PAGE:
[Maths-Education] Combinatorics and Sudoku

Alan Rogerson alan at rogerson.pol.pl
Mon Dec 8 13:33:45 GMT 2008

David H Kirshner wrote:
> At the risk of distracting us further, here's a psychological question
> related to Sudoku that has bugged me since I started doing the daily
> puzzle in the newspaper a couple of years ago. Somewhere I read a CLAIM
> to the effect that if you approach the puzzle effectively you'll NEVER
> have to make a blind guess. For any configuration, there is ALWAYS a
> valid reasoning path that enables you to definitively determine some
> number location. 

Dear David,

The claim you mention is very interesting, if we forget about the very 
simple sudoku versions and concentrate on the very hard (the most recent 
we saw had NO numbers at all in it, but the clues were that the 9 
sub-squares, each contained the digits 1-9 AND there were inequality 
signs linking each small square to the next, quite fiendish even for 
Margaret my wife and Sudoku addict. For the hardest levels she, and 
everyone else we have seen, use a pencil to put in the invariable 2-3 
possibilities once they have started on the grid, and then move along by 
guess and check until they identify a definite digit, and then repeat 
the guess and check. There may be super-experts who can logically work 
out every digit one by one with no guessing, and maybe there is a neat 
proof that they CAN, assuming obviously that each problem has a unique 
solution (which I believe is one of the rules of the game, but see 
later),  but life is too short I suspect for the addicts and they all 
seem to use guess and check, sometimes the whole grid can be covered 
with such pencilling provisional possibilities until a definite digit 
pops up!  Experience in the puzzle obviously helps guide solvers as to 
where to start and what to do.

The other thing is that the electronic versions Margaret has used also 
have this facility for guess and check so you can change previous 
selections, etc. My impression as a non-addict is that it would take 
maybe a long time and certainly a very clever brain indeed to work out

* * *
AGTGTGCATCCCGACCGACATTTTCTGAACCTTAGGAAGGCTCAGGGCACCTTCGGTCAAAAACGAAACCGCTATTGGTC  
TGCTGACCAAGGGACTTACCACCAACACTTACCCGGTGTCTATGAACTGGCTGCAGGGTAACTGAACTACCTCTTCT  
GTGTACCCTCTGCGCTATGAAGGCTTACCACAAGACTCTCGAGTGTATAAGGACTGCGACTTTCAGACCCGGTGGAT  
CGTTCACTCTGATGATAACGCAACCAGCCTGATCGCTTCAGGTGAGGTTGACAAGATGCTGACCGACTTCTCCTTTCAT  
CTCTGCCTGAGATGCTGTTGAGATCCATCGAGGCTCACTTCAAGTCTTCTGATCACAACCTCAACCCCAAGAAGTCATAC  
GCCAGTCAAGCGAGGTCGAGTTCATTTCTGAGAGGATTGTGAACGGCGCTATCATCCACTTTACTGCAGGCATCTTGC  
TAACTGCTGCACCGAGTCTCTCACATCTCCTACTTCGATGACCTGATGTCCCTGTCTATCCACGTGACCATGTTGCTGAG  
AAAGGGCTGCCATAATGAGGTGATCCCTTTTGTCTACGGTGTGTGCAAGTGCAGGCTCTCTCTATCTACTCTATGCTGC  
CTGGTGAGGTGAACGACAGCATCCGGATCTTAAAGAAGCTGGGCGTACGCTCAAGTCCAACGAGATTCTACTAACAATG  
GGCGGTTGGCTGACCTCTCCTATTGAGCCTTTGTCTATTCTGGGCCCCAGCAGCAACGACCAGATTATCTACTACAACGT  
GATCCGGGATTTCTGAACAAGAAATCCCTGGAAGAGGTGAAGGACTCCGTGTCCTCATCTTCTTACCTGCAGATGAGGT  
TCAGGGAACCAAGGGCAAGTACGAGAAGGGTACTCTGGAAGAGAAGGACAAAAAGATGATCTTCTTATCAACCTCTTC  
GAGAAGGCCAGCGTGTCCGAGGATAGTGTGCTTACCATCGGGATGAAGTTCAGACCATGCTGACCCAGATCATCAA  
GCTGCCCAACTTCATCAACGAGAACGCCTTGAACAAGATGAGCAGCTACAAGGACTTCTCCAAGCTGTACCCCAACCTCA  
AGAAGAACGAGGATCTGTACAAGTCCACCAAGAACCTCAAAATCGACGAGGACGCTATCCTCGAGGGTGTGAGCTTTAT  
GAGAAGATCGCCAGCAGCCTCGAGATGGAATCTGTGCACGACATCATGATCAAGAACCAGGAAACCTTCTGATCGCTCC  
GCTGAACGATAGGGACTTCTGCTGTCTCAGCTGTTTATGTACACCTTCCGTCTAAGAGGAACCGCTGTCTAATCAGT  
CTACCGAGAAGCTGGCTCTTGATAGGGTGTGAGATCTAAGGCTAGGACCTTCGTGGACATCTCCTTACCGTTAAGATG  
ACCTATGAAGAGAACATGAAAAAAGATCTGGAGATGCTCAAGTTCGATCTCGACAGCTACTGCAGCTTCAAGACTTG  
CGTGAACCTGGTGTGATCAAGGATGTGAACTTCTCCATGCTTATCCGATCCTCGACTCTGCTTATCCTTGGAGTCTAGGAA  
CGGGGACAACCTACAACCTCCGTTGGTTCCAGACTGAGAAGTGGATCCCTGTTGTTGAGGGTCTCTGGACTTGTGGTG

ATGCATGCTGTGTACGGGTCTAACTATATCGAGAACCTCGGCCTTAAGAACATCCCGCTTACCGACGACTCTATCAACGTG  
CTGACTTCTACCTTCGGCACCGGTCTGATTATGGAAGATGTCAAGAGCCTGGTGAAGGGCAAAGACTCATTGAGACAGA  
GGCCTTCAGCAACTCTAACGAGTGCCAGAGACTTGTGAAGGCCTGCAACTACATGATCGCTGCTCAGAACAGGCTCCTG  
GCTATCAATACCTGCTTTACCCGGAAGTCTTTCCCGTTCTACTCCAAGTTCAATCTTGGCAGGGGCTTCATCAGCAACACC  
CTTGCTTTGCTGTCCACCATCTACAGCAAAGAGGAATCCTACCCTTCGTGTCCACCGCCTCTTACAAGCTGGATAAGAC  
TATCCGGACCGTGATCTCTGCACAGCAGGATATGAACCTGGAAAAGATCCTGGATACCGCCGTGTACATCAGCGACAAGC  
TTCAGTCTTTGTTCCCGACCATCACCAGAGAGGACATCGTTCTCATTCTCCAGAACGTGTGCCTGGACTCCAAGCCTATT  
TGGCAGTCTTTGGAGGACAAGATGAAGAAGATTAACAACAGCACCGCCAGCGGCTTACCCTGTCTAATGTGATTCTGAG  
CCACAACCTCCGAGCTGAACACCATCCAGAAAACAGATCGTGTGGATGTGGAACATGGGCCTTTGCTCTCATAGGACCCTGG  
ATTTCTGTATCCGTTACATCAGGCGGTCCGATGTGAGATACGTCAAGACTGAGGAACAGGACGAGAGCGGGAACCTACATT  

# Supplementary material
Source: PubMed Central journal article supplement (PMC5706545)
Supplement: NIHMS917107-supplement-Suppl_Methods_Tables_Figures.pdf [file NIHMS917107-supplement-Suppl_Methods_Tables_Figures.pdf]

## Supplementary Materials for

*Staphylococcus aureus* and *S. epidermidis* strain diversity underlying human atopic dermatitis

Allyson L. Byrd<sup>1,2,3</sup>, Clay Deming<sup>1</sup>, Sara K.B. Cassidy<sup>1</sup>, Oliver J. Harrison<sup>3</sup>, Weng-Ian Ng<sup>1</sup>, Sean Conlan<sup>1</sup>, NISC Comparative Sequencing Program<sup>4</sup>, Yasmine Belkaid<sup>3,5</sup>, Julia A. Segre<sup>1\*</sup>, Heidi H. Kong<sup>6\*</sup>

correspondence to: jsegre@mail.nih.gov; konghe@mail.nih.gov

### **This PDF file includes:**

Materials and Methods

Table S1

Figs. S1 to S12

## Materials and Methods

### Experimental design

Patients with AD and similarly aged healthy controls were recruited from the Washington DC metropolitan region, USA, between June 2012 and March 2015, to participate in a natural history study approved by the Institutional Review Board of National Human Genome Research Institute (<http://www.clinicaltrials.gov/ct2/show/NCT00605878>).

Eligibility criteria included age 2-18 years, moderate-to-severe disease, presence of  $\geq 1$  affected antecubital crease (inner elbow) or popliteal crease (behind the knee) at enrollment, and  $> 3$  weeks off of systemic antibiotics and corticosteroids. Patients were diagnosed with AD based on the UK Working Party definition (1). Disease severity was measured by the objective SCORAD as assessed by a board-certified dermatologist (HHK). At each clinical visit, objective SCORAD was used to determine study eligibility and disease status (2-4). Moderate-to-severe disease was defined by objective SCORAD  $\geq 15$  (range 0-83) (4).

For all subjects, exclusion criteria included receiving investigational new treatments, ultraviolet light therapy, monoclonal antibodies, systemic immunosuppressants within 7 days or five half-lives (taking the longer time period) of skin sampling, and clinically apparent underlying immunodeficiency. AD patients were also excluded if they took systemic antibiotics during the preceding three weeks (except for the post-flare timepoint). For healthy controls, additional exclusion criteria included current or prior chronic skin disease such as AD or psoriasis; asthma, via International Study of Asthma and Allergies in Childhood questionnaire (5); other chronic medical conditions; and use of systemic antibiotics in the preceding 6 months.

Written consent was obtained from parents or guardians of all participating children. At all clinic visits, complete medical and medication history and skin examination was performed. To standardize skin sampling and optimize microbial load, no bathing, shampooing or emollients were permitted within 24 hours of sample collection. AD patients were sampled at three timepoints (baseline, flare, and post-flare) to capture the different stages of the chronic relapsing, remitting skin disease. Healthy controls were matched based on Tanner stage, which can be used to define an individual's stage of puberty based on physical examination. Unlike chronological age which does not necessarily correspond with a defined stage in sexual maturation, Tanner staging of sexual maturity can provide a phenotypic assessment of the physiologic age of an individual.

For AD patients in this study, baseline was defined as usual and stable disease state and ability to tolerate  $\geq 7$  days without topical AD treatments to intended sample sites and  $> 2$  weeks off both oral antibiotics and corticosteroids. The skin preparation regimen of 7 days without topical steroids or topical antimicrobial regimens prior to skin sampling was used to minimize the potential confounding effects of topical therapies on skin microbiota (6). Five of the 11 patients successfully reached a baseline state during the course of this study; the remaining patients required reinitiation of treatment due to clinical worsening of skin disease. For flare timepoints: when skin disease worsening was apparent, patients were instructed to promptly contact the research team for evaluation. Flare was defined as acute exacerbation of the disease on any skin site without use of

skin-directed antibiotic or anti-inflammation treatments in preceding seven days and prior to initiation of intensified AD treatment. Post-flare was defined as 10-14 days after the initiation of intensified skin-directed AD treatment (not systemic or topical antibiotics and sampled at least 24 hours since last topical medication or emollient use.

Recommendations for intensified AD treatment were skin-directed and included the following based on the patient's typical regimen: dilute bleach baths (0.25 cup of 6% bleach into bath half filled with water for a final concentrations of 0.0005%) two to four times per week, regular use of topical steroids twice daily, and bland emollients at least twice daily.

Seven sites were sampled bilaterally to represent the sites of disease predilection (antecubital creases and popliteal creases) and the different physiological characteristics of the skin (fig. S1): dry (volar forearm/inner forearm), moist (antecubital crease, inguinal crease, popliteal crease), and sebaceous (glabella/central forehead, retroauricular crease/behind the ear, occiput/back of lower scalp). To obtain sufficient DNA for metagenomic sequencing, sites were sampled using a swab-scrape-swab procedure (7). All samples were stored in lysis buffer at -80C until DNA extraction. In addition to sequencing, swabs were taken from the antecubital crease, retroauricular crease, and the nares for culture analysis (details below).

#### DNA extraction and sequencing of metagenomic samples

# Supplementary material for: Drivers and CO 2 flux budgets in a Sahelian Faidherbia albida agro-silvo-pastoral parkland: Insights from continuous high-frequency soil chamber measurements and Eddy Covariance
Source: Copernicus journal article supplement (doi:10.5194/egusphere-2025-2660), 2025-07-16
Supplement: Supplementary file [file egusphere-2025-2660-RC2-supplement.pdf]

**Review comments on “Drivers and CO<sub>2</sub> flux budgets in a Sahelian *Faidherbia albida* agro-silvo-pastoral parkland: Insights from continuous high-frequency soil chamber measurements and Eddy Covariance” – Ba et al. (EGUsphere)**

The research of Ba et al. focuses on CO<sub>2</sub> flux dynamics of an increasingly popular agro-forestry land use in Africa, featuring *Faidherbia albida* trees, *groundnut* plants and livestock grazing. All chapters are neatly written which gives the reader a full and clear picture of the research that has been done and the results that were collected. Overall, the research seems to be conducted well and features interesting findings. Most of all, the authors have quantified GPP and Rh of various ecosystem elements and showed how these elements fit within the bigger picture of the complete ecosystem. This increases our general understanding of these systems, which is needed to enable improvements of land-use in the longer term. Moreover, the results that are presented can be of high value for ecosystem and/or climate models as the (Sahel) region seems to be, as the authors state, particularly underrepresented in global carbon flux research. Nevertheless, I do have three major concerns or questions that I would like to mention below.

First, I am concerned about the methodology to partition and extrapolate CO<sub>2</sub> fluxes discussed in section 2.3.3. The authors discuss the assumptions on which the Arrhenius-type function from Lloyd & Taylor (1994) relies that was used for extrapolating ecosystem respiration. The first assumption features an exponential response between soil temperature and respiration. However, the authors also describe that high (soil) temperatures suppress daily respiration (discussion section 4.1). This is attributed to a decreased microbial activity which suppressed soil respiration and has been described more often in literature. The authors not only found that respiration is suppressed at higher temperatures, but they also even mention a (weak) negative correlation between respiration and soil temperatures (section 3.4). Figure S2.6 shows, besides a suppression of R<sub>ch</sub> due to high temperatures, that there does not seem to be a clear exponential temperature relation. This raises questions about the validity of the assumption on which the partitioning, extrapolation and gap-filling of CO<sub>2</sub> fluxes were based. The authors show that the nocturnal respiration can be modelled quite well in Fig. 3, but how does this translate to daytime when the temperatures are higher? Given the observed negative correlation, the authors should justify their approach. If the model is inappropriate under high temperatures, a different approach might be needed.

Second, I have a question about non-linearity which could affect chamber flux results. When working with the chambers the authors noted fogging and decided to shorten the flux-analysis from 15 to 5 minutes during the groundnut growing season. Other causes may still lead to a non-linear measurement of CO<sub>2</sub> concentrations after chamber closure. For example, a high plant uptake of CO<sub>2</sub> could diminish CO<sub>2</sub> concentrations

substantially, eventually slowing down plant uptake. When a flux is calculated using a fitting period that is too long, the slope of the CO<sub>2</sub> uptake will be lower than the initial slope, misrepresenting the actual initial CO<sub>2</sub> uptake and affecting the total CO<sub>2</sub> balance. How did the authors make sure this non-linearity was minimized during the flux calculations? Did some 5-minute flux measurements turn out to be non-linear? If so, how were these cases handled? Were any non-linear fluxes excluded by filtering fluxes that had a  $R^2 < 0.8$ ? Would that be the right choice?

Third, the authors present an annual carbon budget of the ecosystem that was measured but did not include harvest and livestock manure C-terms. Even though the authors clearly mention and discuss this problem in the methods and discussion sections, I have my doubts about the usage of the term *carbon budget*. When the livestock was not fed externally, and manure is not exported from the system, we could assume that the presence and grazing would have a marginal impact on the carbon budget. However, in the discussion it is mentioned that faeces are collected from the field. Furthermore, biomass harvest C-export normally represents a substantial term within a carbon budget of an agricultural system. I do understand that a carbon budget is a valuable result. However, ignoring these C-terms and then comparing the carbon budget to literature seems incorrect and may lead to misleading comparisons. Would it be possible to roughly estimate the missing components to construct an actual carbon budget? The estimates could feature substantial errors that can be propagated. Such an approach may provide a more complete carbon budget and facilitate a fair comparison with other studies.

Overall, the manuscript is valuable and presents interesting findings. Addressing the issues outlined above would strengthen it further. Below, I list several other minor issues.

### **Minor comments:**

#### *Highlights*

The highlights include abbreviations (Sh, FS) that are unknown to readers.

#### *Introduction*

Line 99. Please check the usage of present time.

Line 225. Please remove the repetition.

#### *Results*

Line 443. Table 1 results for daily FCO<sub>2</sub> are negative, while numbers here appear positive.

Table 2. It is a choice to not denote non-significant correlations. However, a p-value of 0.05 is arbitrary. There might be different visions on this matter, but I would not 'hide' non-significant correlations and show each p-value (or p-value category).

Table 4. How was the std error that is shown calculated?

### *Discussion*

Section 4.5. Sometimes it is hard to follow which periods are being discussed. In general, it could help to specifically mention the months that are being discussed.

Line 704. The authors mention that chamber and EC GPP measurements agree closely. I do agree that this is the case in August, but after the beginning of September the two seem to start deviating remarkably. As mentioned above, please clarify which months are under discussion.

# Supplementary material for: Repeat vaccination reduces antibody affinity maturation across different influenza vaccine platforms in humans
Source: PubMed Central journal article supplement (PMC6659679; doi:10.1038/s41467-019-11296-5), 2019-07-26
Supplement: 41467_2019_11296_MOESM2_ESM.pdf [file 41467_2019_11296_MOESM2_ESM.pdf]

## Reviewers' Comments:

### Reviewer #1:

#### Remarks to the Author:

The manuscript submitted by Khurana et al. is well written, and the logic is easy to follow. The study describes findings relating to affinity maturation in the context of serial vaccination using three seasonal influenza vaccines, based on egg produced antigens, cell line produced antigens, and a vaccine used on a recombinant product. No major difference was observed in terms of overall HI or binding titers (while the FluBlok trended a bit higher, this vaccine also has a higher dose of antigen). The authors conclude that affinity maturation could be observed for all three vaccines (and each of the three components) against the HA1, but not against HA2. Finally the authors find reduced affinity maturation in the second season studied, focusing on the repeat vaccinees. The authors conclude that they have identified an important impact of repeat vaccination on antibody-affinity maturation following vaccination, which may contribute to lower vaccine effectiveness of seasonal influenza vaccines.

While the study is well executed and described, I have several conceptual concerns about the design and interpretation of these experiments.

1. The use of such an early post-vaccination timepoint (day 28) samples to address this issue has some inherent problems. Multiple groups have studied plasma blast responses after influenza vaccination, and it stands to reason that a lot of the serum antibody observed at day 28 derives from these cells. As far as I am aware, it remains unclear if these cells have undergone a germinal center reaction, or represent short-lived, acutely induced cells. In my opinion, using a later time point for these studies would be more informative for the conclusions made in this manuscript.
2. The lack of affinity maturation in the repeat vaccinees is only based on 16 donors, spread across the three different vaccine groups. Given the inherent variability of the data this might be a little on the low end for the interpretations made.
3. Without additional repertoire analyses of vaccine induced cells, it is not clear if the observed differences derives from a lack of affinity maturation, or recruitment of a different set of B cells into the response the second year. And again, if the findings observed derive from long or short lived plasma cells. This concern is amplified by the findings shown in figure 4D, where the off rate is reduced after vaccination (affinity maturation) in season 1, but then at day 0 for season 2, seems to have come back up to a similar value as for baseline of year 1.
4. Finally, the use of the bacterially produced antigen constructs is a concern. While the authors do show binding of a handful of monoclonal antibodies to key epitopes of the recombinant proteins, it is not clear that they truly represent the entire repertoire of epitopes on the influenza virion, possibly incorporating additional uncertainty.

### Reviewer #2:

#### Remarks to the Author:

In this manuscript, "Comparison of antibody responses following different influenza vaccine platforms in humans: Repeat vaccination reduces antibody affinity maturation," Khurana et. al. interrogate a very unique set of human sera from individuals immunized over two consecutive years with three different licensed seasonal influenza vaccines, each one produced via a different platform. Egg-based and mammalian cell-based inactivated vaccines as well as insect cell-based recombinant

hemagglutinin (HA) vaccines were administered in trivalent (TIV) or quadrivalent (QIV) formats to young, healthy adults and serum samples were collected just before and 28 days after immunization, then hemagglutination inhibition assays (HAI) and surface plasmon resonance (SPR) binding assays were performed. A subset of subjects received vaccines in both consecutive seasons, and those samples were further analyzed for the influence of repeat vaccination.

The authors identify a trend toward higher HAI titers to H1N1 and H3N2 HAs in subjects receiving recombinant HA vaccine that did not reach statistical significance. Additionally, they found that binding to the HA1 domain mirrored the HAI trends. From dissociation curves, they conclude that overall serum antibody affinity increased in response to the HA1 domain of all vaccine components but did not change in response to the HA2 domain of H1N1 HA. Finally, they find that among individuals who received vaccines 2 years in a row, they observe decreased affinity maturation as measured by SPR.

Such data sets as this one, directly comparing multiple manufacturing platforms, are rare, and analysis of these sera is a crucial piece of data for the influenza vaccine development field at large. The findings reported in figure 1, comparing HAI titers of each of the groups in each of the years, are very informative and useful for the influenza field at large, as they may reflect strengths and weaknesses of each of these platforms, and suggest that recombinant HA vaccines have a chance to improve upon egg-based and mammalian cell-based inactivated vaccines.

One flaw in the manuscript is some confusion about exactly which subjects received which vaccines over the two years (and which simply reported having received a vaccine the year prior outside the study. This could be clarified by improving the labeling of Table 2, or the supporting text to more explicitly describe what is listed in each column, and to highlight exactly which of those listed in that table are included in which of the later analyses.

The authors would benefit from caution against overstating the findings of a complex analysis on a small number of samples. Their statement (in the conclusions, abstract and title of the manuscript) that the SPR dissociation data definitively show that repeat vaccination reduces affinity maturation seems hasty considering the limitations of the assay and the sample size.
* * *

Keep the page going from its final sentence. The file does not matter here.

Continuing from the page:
the digits one by one without any guessing, unless we count some kind of 
subconscious guessing and checking, otherwise what are we doing (?), if 
it is possible to do the puzzle without guessing presumably *there is a 
deterministic algorithm to do it*, and that would immediately ruin the 
game and make it no fun at all?

 Maybe someone like Neil can helpfully point us to the webpage with all 
this worked out already to avoid any sleepless nights, of course the 
obvious thing to do is Google sudoku but I am too afraid of being sucked 
in to risk that...... wait...

I have just checked Wikapedia and they give a very full and 
comprehensive discussion of the whole puzzle including this

"The maximum number of givens provided while still not rendering a 
unique solution is four short of a full grid; if two instances of two 
numbers each are missing and the cells they are to occupy form the 
corners of an orthogonal rectangle, and exactly two of these cells are 
within one region, there are two ways the numbers can be assigned. Since 
this applies to Latin squares in general, most variants of /Sudoku/ have 
the same maximum. The inverse problem---the fewest givens that render a 
solution unique---is unsolved 
although the lowest number yet found for the standard variation without 
a symmetry constraint is 17, a number of which have been found by 
Japanese puzzle enthusiasts,^[11] 
<http://en.wikipedia.org/wiki/Sudoku#cite_note-seventeen1-10> ^[12] 
<http://en.wikipedia.org/wiki/Sudoku#cite_note-seventeen2-11> and 18 
with the givens in rotationally symmetric cells. Over 47,000 examples of 
Sudokus with 17 givens resulting in a unique solution are known."

 I couldn't find any mention of a way to *solve* a grid by deterministic 
logic or algorithm! But came across this frightening statistic related 
to the Number of grids:
"The standard 3×3 calculation can be carried out in less than a second 
on a PC. The 3×4 (= 4×3) problem is much harder and took 2568 hours to 
solve, split over several computers. solution is 
"81171437193104932746936103027318645818654720000 = c. 8.1×10^46"


Best wishes

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